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Robert Schmidt, CEO of CarrosellDavid Plavin, president of Airports Council International

This is a partial transcript from Your World with Neil Cavuto, December 26, 2001. Click here to order Wednesday's entire transcript. 

TERRY KEENAN, GUEST HOST: Americans' confidence shaken again after the shoe bomber incident. And today, New York's governor, George Pataki, was at JFK International Airport to help kick off a new campaign called Keep America Flying.

Here now is the campaign's co-founder, Robert Schmidt. He's also the CEO of the airport advertisement company, Carrosell; and David Plavin, he is president of Airports Council International. And gentlemen, welcome. I would hate to be in your shoes, no pun intended. But, you know, Bob, I was at a party over the weekend before this incident on Friday night. And I was surprised to see that a lot of my friends had resumed their holiday plans and they're flying off to the Caribbean, then this.

How can you mount an effective PR campaign when security just continues to seem so lax?

ROBERT SCHMIDT, KEEPAMERICAFLYING.ORG: Well, it's not just a PR campaign because if it is a PR campaign, it won't work. What we're attempting to do is organize the industry, to really address the problems that exist. One, security; two, congestion; three, pricing; and four; the comfort of the passenger. So, our intent is to collect all the brains in the airport industry and have them think about how to affect and change the problems and make solutions. So then the PR will work.

KEENAN: And, David, you represent the airports. Given what is going on in terms of security, we're all going to have to spend a lot more time at the airports, so I would think it's incumbent on you making it a more comfortable experience.

DAVID PLAVIN, KEEPAMERICAFLYING.ORG: I think that's right. And now that the federal government has taken on the responsibility for employing the screeners, it is going to be a big issue as to whether there are enough of them, whether they are properly trained, whether they are in the right places, whether they are properly equipped with the right tools and so on.

KEENAN: Yet how do you address the concern among people that security is just reactive? They are checking people's shoes now because there was an issue with shoes over the weekend. And you see the pictures of everyone having to remove their loafers or whatever. And you say to yourself, "Oh, gee, what are they missing?

PLAVIN: But I think security really is significantly tighter than it was. I think it is a work in progress as we learn more about what the issues are, what the risks are and who the people are that are looking to perpetrate these crimes.

KEENAN: Bob, are you efforts focused more on the individual traveler or the business traveler?

SCHMIDT: Both. The business traveler has cut back on his traveling and the individual traveler has done as well, although a lot more people are traveling today than did right after September 11.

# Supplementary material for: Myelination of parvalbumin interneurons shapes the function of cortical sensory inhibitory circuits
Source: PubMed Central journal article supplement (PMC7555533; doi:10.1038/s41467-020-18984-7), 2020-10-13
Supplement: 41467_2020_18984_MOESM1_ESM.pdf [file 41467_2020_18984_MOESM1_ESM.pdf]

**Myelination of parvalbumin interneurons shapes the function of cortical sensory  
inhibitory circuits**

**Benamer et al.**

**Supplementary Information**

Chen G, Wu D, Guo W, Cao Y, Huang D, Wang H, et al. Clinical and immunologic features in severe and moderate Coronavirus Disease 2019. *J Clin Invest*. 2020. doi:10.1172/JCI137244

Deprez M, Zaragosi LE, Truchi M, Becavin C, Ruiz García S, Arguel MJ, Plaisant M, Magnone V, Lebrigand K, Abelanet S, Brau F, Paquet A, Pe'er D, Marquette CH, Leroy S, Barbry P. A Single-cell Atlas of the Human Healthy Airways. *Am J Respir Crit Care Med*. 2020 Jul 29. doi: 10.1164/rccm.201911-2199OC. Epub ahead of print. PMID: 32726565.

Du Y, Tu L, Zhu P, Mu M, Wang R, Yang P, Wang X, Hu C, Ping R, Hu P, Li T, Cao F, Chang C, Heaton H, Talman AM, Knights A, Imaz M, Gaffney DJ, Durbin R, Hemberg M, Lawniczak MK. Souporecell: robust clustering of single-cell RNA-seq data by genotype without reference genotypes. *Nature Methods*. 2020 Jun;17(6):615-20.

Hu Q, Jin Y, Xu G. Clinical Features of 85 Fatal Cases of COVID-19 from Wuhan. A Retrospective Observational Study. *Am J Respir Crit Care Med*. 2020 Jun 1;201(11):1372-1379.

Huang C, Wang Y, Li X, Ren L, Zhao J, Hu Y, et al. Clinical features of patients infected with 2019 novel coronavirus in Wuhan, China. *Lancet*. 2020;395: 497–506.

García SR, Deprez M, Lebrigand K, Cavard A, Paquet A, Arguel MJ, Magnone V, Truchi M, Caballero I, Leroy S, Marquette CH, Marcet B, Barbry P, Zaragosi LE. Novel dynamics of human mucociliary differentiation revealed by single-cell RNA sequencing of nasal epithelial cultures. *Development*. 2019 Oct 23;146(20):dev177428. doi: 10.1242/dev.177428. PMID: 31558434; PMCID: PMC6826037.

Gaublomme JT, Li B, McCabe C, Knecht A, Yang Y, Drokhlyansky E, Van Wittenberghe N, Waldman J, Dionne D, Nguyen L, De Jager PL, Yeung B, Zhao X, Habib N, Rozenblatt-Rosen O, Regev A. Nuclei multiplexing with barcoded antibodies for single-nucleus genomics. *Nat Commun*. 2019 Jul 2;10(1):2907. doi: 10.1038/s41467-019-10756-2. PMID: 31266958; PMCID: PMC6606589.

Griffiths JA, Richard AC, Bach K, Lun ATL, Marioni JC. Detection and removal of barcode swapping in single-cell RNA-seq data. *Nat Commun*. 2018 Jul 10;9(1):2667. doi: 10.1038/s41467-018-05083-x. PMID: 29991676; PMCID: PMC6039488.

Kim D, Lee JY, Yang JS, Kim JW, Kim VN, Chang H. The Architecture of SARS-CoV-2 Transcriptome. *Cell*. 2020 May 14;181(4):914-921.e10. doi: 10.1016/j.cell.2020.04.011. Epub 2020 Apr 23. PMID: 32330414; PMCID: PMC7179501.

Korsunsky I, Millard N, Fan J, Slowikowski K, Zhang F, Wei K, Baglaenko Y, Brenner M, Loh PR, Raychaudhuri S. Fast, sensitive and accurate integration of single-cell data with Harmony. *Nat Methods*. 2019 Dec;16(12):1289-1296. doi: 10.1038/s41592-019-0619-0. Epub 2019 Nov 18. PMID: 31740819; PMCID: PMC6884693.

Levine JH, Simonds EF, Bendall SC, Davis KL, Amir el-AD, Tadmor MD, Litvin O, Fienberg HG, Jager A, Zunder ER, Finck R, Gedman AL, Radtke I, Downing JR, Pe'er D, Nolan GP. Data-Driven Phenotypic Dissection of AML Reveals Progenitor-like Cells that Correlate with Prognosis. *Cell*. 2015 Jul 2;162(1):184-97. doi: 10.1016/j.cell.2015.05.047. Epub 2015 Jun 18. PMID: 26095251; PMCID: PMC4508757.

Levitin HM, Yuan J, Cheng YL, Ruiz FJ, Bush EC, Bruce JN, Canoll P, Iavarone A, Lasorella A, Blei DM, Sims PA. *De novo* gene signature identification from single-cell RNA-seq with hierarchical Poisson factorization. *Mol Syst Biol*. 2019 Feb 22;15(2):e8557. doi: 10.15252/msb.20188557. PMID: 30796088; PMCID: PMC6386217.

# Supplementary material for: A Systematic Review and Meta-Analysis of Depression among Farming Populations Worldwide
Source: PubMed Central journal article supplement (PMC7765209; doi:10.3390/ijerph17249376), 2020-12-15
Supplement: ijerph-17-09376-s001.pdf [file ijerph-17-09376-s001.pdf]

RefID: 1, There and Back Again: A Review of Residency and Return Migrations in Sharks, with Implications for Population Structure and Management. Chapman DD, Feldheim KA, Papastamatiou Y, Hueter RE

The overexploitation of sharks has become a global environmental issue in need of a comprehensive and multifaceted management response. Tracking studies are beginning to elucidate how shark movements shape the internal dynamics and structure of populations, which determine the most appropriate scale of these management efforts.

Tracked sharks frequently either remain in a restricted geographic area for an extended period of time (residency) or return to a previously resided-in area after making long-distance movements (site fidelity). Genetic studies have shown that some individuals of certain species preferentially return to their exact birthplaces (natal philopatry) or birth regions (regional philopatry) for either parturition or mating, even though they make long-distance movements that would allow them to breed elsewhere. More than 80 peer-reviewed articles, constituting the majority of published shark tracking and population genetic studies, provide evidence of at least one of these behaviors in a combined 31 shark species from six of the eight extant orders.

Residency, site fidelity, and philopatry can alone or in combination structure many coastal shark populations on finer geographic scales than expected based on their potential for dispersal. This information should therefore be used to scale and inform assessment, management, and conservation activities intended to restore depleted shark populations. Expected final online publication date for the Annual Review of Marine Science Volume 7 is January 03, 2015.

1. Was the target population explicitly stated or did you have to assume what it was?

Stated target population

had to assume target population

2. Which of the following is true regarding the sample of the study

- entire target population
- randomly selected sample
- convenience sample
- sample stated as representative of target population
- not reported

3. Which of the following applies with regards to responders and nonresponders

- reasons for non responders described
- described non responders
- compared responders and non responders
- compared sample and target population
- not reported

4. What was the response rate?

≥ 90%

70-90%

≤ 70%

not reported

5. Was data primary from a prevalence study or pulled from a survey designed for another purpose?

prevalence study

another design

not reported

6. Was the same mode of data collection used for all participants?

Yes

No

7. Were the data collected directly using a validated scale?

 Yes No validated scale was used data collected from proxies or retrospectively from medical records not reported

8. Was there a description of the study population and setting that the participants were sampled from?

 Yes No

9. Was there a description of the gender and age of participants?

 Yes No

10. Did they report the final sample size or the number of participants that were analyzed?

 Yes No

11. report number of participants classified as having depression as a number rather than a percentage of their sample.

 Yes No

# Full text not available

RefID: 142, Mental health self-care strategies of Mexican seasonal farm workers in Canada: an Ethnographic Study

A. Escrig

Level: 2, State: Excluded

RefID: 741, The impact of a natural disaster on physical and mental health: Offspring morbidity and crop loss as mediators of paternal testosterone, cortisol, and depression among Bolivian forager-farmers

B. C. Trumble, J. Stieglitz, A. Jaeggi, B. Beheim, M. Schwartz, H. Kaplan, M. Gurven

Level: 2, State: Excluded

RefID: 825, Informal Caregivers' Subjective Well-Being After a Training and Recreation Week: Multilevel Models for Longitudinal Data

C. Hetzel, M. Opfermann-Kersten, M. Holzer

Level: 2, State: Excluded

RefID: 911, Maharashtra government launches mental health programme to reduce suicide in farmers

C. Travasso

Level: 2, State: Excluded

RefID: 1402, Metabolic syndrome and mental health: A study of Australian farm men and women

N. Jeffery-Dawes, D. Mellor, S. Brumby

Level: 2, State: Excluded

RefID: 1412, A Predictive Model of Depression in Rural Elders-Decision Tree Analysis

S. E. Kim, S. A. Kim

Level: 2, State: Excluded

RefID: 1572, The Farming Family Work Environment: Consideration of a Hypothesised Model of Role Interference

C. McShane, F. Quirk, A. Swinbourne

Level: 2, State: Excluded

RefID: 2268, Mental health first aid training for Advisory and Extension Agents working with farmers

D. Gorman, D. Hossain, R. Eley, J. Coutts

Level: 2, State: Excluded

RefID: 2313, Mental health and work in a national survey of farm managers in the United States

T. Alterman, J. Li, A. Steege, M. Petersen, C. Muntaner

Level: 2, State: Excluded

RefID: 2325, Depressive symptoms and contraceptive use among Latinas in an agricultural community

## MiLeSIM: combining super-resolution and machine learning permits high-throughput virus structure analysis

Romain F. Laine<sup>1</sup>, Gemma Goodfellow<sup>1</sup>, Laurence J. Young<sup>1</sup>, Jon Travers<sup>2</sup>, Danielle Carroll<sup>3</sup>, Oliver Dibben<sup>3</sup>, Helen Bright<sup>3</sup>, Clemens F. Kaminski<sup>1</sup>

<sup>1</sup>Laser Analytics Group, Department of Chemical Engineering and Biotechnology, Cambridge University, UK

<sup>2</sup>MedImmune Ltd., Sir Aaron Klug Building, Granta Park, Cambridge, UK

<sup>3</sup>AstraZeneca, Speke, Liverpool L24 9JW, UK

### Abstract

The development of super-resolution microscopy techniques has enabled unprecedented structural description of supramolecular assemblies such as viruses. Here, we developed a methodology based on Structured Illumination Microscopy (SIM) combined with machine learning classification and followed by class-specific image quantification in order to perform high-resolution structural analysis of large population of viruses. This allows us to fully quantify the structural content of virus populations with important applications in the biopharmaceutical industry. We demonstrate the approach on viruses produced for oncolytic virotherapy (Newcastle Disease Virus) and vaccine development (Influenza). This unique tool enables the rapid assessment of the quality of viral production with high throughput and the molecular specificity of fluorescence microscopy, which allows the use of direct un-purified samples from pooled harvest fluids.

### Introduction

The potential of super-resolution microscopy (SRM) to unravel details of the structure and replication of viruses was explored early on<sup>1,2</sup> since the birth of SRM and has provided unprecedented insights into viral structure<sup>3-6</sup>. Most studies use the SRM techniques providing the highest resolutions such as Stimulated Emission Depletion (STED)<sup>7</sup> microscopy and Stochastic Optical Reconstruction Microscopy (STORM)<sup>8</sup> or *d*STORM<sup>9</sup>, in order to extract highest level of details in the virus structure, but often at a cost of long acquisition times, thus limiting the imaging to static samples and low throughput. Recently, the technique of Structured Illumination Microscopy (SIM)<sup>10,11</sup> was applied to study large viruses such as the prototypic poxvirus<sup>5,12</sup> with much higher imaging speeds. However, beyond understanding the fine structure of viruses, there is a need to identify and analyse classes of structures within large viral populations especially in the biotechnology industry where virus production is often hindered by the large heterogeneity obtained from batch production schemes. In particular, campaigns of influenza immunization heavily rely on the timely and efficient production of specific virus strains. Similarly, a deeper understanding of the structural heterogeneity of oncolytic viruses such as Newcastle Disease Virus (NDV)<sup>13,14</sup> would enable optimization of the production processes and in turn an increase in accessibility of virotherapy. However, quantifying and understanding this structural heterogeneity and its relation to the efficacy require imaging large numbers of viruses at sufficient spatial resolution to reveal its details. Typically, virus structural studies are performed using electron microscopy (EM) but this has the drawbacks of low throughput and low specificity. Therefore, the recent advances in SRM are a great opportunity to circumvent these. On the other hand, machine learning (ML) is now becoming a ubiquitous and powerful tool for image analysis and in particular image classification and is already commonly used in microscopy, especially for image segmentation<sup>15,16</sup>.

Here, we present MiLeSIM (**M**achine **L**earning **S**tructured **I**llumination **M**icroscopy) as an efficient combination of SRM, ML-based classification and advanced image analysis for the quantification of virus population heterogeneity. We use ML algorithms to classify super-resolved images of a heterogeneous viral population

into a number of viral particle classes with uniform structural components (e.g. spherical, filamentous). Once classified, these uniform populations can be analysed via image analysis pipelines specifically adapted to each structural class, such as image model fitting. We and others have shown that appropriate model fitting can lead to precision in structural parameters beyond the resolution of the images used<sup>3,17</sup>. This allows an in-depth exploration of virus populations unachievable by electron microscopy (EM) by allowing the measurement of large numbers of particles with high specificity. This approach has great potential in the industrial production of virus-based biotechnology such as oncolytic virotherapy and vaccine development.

I'm concentrating on the airline industry. I think they have an obligation to do things with the government to make it better for everybody, make it safer for everybody and then communicate that. I think one of the problems is people want to know what is going on. And so whatever gets done to make it better, that information should be transferred out to the public.

KEENAN: Yes, I agree. I mean, I think the issue there is that a lot of travelers feel that the airlines aren't doing enough and they would prefer to have an airline say, "Hey, we are going to be just like El Al, the Israeli airline. We're going to copy their security procedures. Come fly with us."

SCHMIDT: I think you are going to get there eventually. I think it's not so easy to do it overnight. I think that the process was not very good for a long time. And it takes time to change. But they are changing and they are attending to it. They are hiring new people and they are getting new equipment and they're getting a better process going. But it takes a while to get it done.

KEENAN: And, you know, Dave, we don't really think of airports as shopping malls, but in lots of ways, they are, particularly now that we have to spend so much time there. How big of a component of the economy are all those airport retailers?

PLAVIN: The airport retailers are being very badly hurt. The average passenger loads at airports are down 18, 19, 25 percent in some cases, in some cases more. And it's not so much that the airports are passenger malls or shopping malls. It's that that's what the people who fly seem to want. And if they are not flying, then they are not buying.

KEENAN: And just quickly, Bob, you think the situation will start to improve in the new year?

SCHMIDT: There's no question it will. It will take some time and it will take some good information out to the public to help it do so.

KEENAN: OK. Thanks, gentlemen. Good to have you with us. It's a tough job ahead for both of you.

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